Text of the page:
TAS Trends in Ecstasy and Related Drug Markets 2014: Findings from the Ecstasy and related Drugs Reporting System (EDRS)

image - EDRS Logo 280 61
Author: A. Matthews, T. Batt & R. Bruno

Resource Type: Drug Trends Jurisdictional Reports

The Ecstasy and Related Drugs Reporting System (EDRS, formerly the Party Drugs Initiative or PDI) is a companion project to the Illicit Drug Reporting System (IDRS). The IDRS focuses on drugs such as methamphetamine, opioids, cannabis, and cocaine, and issues that pertain particularly to the intravenous use of drugs in Australia. In contrast, the EDRS aims to examine emerging trends in the use, price, purity and availability of ecstasy and related drugs (ERD) in Australia. ERD are defined as drugs commonly used recreationally in the context of venues such as nightclubs and dance- or music-related events. These drugs primarily include ecstasy, methamphetamine, cocaine, d-lysergic acid (LSD), ketamine and gamma-hydroxy-butyrate (GHB).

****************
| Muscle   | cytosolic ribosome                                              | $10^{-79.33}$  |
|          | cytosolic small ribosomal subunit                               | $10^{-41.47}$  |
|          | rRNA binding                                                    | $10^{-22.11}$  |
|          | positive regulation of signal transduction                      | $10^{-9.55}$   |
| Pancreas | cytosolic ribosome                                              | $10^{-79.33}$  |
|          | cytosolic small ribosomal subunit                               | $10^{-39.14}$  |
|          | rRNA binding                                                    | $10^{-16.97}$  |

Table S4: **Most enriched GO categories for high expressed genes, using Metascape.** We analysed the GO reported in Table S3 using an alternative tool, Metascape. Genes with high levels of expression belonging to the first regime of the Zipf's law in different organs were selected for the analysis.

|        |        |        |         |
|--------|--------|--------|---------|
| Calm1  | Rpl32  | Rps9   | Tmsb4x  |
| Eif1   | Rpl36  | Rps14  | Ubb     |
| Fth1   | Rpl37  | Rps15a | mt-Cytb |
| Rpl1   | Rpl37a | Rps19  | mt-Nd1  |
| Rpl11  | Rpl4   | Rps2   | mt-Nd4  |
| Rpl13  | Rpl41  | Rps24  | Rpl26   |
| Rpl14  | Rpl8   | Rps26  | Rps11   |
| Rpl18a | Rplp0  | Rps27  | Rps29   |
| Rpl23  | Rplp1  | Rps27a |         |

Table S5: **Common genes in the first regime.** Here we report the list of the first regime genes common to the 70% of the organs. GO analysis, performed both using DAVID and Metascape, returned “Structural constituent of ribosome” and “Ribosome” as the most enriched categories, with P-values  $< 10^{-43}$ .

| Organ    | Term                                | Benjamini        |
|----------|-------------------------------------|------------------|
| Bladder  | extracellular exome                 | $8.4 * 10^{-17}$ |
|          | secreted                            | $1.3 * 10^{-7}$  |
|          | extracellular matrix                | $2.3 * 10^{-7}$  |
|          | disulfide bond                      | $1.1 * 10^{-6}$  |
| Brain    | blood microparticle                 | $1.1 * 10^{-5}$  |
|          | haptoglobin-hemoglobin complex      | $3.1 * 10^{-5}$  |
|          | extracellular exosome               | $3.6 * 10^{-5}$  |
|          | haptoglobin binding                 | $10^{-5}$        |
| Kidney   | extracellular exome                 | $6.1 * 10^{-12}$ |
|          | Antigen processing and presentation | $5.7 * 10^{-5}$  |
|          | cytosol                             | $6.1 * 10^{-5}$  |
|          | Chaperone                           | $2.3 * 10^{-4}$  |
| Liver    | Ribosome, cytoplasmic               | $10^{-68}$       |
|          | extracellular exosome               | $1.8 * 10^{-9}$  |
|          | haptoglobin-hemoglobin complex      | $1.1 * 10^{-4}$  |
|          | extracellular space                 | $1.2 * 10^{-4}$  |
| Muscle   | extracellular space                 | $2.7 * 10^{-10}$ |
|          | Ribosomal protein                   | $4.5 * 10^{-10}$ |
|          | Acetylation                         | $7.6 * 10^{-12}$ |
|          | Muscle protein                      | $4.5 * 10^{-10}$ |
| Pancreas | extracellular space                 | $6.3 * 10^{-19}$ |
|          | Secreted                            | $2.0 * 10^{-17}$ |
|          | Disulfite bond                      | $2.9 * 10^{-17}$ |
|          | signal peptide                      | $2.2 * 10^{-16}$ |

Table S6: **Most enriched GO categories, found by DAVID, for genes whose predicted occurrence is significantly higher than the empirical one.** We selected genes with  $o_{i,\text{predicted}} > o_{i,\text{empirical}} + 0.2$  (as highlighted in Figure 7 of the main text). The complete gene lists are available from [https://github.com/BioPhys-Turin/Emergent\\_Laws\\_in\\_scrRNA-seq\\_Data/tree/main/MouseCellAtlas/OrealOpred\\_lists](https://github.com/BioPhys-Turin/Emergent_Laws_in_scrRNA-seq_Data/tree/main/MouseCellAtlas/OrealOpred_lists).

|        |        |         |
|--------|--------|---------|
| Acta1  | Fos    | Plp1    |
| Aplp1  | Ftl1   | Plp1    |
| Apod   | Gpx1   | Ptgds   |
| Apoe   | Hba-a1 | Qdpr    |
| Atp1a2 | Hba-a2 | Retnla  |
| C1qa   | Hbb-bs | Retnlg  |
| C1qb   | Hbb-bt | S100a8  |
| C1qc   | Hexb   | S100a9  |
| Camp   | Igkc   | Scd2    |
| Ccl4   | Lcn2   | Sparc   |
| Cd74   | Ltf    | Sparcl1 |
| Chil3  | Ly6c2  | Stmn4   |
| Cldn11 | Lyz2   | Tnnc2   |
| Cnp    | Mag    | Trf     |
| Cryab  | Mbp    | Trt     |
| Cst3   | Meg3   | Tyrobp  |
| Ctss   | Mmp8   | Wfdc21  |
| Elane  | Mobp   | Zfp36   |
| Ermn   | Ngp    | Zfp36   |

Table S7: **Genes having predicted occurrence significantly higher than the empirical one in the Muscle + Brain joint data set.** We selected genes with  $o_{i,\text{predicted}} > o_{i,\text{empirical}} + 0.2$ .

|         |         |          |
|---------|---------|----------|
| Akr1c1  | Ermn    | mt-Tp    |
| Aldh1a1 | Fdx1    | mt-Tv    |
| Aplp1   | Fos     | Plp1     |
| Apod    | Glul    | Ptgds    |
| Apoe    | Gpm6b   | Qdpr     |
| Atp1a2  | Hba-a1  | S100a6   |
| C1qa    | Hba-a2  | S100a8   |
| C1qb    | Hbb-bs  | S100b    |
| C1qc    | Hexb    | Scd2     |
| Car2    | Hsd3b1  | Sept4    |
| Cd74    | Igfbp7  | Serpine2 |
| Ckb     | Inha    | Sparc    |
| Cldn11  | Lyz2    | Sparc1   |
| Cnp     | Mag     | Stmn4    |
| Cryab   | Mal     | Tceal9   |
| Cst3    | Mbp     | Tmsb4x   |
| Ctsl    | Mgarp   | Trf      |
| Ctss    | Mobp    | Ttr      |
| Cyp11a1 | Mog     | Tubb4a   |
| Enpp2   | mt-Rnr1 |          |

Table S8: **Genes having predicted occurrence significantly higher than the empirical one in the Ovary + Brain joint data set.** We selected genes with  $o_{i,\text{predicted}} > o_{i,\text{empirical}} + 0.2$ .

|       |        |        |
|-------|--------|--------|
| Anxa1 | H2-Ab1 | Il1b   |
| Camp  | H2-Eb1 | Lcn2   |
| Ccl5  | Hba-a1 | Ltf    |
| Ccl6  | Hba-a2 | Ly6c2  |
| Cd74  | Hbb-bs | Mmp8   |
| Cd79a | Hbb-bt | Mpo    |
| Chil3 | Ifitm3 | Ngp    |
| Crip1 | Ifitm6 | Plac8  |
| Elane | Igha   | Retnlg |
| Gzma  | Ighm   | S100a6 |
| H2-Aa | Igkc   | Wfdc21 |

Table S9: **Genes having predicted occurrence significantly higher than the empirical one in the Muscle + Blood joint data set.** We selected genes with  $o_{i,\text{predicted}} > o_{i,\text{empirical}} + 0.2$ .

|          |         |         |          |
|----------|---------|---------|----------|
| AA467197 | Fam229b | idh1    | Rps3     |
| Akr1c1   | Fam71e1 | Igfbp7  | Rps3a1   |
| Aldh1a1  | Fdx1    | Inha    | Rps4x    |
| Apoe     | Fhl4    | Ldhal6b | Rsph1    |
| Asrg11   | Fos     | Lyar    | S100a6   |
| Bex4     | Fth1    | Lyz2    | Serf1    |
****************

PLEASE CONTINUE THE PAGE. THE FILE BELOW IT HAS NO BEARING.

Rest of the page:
The feasibility of the EDRS was assessed with a two-state trial funded by the National Drug Law Enforcement Research Fund (NDLERF) in 2000 (Breen, Topp, & Longo, 2002) and NDLERF provided additional funding for a two-year project in every Australian state and territory beginning in 2003. The EDRS was funded by the Australian Government Department of Health (AGDH) and the Ministerial Council on Drug Strategy as a project under the cost-shared funding arrangement in 2005 and by the AGDH since 2006.

The current report contains new data collected in Tasmania in 2014. Tasmanian trends between 2003 and 2013 can be found in previous Tasmanian EDRS reports (Bruno & McLean, 2004b; Matthews & Bruno, 2005, 2006, 2007, 2008, 2009, 2010, 2011, 2013; Matthews, Bruno, & Nicholls, 2014; Matthews, Bruno & Peacock, 2012). National reports including jurisdictional comparisons are available online from the National Drug and Alcohol Research Centre (NDARC), University of New South Wales (Black et al., 2008; Breen et al., 2004; Dunn et al., 2007; Sindicich et al., 2009, 2010, 2011, 2012, 2013, 2014, 2015; Stafford et al., 2005, 2006).